Young Writers’ Competition

Launched in 2022, the Young Writers’ competition is aimed at building a new generation of young writers in South Africa.

This is more important than ever, with recent reports showing that South Africa’s youth are in a dire literacy crisis. The pandemic erased a decade of literacy work.

According to the Background Report for the 2030 Reading Panel, released in 2023, only 18% of South Africa’s Grade 4s can read for meaning. Less than 50% of children in no-fee paying schools know the alphabet by Grade 2. Despite this ongoing literary crisis, there is no national reading plan and no progress on implementing vital interventions.

In addition to tackling the literacy crisis from the early childhood development stage, it is crucial to encourage a love of reading and writing for enjoyment as well as meaning. Initiatives that focus on literacy will play an increasingly important role in this goal.

The competition calls for aspiring young writers to submit their original short stories based on a specific theme each year.

Writing Tips

– courtesy of author Jarred Thompson

  • What is it about your story idea that interests you? In other words, what do you want to find out/explore/understand/ depict?
  • What point of view (POV) will allow you to tell the story you want to tell? Different POVs allow you to do different things. In first person, the narrator uses the pronoun ‘I’ throughout the writing. In second person, the narrator uses the pronoun ‘you.’ In third person, the narrator uses the pronouns ‘she/he/they/it.’ Each offers a particular viewpoint of the action.
  • Where in the story do you need to start to get to the points of tension you want and what are the ways those tensions resolve, or don’t resolve?
  • How much of your characters’ lives are backstory to be alluded to in the writing and how much is part of the central action of the story?
  • A scene can start in several ways:
    • Dialogue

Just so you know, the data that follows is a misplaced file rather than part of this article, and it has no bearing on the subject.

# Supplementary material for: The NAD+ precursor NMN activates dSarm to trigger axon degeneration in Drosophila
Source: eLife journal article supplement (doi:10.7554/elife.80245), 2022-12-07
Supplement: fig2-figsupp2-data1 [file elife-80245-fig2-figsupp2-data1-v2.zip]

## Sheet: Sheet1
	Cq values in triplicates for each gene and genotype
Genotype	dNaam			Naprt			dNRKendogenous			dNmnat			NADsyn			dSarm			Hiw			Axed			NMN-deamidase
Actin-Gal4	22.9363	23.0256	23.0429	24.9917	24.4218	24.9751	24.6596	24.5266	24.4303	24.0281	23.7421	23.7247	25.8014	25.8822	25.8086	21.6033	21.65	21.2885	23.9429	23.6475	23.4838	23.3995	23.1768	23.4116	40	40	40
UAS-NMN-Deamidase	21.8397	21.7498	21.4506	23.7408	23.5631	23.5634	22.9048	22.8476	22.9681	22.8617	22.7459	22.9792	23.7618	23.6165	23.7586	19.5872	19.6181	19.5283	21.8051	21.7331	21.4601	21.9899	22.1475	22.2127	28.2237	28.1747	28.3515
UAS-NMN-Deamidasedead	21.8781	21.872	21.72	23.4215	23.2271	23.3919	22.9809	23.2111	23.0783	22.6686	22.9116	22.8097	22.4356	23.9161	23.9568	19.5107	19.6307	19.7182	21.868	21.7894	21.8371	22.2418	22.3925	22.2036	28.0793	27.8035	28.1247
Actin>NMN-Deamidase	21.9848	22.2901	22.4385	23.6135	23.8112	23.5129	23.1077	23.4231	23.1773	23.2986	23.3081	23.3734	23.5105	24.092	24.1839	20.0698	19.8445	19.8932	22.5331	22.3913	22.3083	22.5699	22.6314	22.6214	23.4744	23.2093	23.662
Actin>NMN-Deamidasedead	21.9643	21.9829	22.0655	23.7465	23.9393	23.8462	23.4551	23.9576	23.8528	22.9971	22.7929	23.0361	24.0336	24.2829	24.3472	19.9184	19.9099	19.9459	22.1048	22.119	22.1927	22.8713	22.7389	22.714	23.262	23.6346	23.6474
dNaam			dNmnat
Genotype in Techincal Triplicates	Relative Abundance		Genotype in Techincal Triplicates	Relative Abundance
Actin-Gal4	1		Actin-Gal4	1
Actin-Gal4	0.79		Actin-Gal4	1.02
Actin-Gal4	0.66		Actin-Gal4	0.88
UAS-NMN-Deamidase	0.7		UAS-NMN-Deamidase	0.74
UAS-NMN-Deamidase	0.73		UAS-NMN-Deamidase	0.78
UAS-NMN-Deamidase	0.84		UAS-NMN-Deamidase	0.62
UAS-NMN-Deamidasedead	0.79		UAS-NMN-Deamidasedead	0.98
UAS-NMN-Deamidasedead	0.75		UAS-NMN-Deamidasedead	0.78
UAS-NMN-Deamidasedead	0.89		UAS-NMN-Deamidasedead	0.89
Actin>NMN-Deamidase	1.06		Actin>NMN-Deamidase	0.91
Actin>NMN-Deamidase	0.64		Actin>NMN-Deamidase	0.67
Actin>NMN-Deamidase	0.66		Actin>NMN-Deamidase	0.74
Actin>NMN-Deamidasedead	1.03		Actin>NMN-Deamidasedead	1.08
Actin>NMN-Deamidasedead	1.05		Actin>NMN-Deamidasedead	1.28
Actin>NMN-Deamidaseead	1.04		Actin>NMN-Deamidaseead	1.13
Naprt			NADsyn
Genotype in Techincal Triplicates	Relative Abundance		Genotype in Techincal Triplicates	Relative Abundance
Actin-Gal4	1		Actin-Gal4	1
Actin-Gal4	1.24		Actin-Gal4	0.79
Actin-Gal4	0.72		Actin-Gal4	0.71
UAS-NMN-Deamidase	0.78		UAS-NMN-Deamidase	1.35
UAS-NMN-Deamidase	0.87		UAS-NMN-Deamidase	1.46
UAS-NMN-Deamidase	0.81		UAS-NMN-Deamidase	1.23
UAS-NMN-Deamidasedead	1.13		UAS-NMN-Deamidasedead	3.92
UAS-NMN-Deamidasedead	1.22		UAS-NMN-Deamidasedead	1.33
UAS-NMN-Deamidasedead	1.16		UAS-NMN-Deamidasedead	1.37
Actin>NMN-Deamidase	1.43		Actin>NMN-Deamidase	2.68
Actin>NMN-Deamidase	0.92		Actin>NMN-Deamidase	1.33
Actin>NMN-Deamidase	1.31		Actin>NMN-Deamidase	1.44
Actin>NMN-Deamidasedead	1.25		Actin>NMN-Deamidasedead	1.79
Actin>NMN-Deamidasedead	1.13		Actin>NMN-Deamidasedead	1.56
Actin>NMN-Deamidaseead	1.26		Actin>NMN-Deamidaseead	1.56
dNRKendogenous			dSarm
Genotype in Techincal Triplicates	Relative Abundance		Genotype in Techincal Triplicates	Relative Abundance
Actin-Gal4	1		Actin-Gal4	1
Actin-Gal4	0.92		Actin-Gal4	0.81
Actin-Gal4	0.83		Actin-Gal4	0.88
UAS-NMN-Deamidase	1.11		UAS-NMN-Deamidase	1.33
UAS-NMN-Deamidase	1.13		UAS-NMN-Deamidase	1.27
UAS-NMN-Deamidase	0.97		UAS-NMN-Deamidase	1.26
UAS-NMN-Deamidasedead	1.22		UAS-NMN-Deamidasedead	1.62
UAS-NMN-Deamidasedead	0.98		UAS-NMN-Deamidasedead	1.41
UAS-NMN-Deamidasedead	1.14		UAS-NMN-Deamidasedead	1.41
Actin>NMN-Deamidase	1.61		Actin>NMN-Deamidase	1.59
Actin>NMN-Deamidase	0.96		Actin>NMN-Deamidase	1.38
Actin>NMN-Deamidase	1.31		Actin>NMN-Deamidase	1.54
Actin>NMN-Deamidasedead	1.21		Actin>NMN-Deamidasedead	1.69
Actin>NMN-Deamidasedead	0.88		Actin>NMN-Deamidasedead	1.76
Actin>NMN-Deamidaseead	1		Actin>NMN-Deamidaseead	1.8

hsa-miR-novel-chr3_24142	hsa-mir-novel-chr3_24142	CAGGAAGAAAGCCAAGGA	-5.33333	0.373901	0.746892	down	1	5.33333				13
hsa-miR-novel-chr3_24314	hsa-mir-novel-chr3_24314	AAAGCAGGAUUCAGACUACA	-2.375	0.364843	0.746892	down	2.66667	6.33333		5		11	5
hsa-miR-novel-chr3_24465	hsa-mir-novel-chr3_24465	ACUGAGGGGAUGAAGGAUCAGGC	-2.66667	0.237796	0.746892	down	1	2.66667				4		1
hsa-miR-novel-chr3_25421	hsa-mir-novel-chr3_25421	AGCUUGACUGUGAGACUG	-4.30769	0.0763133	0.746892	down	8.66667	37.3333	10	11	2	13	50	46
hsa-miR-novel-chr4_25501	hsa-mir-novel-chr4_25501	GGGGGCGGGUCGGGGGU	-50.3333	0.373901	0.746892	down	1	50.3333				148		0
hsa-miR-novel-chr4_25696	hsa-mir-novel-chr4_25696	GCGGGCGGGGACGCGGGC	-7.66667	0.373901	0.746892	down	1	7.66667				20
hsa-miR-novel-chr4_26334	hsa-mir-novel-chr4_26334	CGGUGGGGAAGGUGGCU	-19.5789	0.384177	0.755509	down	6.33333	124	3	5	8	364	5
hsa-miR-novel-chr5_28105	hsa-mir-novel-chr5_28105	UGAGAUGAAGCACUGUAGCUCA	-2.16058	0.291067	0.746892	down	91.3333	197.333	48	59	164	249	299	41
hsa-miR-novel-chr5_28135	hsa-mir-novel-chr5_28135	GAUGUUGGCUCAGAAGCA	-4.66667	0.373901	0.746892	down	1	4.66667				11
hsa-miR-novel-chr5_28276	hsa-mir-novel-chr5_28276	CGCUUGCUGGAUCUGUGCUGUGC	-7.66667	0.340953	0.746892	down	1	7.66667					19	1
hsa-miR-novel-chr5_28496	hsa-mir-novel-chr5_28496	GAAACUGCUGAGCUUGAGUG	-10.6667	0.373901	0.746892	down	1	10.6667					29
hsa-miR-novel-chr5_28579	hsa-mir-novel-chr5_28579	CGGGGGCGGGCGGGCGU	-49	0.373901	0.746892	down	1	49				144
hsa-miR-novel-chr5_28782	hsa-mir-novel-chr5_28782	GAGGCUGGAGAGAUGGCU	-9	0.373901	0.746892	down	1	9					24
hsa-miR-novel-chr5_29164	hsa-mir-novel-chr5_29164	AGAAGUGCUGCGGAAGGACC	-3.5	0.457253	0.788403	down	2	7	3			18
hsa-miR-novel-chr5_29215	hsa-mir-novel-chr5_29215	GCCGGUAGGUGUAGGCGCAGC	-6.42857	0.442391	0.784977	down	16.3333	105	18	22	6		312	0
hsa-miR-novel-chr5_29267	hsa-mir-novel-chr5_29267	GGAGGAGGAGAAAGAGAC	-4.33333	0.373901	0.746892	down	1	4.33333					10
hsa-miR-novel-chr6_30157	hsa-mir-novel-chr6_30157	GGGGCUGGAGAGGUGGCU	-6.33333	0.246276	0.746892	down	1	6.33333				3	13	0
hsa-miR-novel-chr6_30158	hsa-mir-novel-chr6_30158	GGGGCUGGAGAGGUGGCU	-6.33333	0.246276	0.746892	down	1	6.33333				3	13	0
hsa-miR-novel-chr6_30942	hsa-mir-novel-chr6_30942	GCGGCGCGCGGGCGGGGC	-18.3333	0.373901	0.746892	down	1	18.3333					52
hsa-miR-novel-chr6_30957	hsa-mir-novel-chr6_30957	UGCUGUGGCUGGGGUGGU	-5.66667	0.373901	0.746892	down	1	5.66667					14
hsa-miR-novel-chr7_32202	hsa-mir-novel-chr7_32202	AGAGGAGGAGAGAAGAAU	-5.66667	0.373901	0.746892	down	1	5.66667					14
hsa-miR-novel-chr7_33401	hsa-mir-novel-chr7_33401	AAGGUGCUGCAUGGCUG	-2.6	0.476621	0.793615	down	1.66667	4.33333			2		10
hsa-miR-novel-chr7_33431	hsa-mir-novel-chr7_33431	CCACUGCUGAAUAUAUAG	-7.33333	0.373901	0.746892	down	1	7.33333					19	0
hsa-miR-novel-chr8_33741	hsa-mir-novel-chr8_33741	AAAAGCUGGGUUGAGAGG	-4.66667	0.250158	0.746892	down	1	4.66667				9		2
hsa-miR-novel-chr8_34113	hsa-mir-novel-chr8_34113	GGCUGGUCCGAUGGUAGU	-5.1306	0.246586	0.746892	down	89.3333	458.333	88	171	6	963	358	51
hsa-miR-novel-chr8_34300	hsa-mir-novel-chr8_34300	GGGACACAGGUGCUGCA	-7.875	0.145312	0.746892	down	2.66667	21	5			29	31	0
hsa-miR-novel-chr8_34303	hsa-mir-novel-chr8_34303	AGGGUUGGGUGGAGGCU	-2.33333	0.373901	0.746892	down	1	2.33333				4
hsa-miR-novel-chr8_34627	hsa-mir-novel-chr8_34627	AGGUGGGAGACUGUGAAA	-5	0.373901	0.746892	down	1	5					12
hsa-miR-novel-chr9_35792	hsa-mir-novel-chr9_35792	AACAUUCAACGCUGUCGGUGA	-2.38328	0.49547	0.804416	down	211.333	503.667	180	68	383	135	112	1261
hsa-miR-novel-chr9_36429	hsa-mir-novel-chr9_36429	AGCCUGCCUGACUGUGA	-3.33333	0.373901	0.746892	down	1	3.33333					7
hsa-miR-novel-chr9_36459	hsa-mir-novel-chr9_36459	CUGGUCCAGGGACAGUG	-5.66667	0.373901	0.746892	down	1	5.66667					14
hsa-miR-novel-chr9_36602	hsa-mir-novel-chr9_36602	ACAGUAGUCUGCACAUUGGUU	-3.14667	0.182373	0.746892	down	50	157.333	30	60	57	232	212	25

• Reflection/Observation
    • Scene setting
    • Action
    • Object
  • What combination of these is most impactful depending on the story you want to tell? This also depends on where you choose to start your story.
  • In the short-story form, everything must be economical.
  • Never give a generic description. When we enter a new space, show it to us—but through a particular lens: your character’s [or narrator’s] points of view, modified by their mood.
  • A good piece of fiction teaches the reader how to read the narrative from the first paragraph.
  • Characters can be built through asking yourself questions that you brainstorm the answers to.
  • Take some time to think about your main characters. Where do they start in the story and where would you like them to end up?
  • What kinds of events will impact your characters and make them change (plot).
  • Take some time to consider what books are in their TBR pile? What music do they listen to? What movies do they want to see this weekend?
  • What are their habits and their ways of speaking?
  • How do they see the world and their place in it?
  • Remember, this is background research. Most of this probably won’t go into the final draft of the story.
  • If you come to a pre-planned plot point that doesn’t feel right for your character, then you need to change your plot point.
  • The story is the big picture.
  • The plot is how you get from one side of the story to the other.
  • Plot involves cause and effect.
  • Most importantly, the events of your story must be driven by characters in your story world. They must come from the internal/external actions and decisions of the characters in the world and not feel as if you’re forcing the characters into predetermined plots.
  • Cliché and Tropes – common or overused themes or figures of speech.
  • Unrealistic Dialogue
  • Openings not starting close enough to the inciting incident.
  • Characters that act wildly unexpectedly to how they’ve been acting up to a certain point without adequate clues, foreshadowing, build-up or later explanation.
  • Endings that resolve things too fast.
  • Endings that fall flat with no sense of insight gained.
  • Every artist needs a portfolio of work.
  • Research local literary journals (New Contrast, Imbiza, New Coin, Lolwe, Doek! Ons Kleinjie, Sol Plaatje Poetry Anthology, Isele Magazine, Kalahari Review) and find out when their submission window is.
  • Read the stories in those journals you want to get published in. What are those stories doing that you are not? How can you incorporate those techniques in your own writing?
  • Submit to local literary journals or the many international journals that cater to your demographic or style. Try Freedom with Writing or Authors Publish Magazine.
  • Find a community of writers to share your work with.
  • Look for opportunities to become a reader or volunteer at a literary journal.
  • Apply to competitions, workshops, mentorships, scholarships etc. Every little bit counts.
  • Learn from creative failure and commit to a beginner’s mindset.